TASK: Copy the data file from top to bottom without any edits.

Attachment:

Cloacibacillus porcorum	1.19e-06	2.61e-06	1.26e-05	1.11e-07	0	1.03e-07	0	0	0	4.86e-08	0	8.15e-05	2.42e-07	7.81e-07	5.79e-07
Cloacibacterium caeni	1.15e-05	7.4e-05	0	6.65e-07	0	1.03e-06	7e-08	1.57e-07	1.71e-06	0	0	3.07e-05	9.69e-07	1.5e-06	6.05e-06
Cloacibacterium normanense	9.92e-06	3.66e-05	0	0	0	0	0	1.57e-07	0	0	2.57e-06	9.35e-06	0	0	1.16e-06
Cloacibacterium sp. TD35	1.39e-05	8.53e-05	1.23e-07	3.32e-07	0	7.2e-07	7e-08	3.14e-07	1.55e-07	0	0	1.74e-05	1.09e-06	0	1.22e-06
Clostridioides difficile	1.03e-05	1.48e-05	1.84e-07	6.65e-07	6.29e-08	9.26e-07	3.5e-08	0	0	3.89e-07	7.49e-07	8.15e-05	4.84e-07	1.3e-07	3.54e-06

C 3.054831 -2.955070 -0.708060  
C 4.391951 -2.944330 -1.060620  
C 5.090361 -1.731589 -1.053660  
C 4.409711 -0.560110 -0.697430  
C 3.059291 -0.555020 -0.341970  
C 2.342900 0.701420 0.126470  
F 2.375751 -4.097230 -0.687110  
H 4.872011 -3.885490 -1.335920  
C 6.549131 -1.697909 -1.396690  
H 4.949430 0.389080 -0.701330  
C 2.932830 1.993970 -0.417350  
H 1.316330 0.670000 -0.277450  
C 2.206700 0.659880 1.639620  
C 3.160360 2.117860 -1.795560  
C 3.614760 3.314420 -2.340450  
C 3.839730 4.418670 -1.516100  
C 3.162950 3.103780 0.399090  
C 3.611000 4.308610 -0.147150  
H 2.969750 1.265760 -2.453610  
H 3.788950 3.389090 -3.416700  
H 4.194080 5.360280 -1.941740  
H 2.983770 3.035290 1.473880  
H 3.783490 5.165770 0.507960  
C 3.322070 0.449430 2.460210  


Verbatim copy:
Cloacibacillus porcorum	1.19e-06	2.61e-06	1.26e-05	1.11e-07	0	1.03e-07	0	0	0	4.86e-08	0	8.15e-05	2.42e-07	7.81e-07	5.79e-07
Cloacibacterium caeni	1.15e-05	7.4e-05	0	6.65e-07	0	1.03e-06	7e-08	1.57e-07	1.71e-06	0	0	3.07e-05	9.69e-07	1.5e-06	6.05e-06
Cloacibacterium normanense	9.92e-06	3.66e-05	0	0	0	0	0	1.57e-07	0	0	2.57e-06	9.35e-06	0	0	1.16e-06
Cloacibacterium sp. TD35	1.39e-05	8.53e-05	1.23e-07	3.32e-07	0	7.2e-07	7e-08	3.14e-07	1.55e-07	0	0	1.74e-05	1.09e-06	0	1.22e-06
Clostridioides difficile	1.03e-05	1.48e-05	1.84e-07	6.65e-07	6.29e-08	9.26e-07	3.5e-08	0	0	3.89e-07	7.49e-07	8.15e-05	4.84e-07	1.3e-07	3.54e-06

C 3.054831 -2.955070 -0.708060  
C 4.391951 -2.944330 -1.060620  
C 5.090361 -1.731589 -1.053660  
C 4.409711 -0.560110 -0.697430  
C 3.059291 -0.555020 -0.341970  
C 2.342900 0.701420 0.126470  
F 2.375751 -4.097230 -0.687110  
H 4.872011 -3.885490 -1.335920  
C 6.549131 -1.697909 -1.396690  
H 4.949430 0.389080 -0.701330  
C 2.932830 1.993970 -0.417350  
H 1.316330 0.670000 -0.277450  
C 2.206700 0.659880 1.639620  
C 3.160360 2.117860 -1.795560  
C 3.614760 3.314420 -2.340450  
C 3.839730 4.418670 -1.516100  
C 3.162950 3.103780 0.399090  
C 3.611000 4.308610 -0.147150  
H 2.969750 1.265760 -2.453610  
H 3.788950 3.389090 -3.416700  
H 4.194080 5.360280 -1.941740  
H 2.983770 3.035290 1.473880  
H 3.783490 5.165770 0.507960  
C 3.322070 0.449430 2.460210  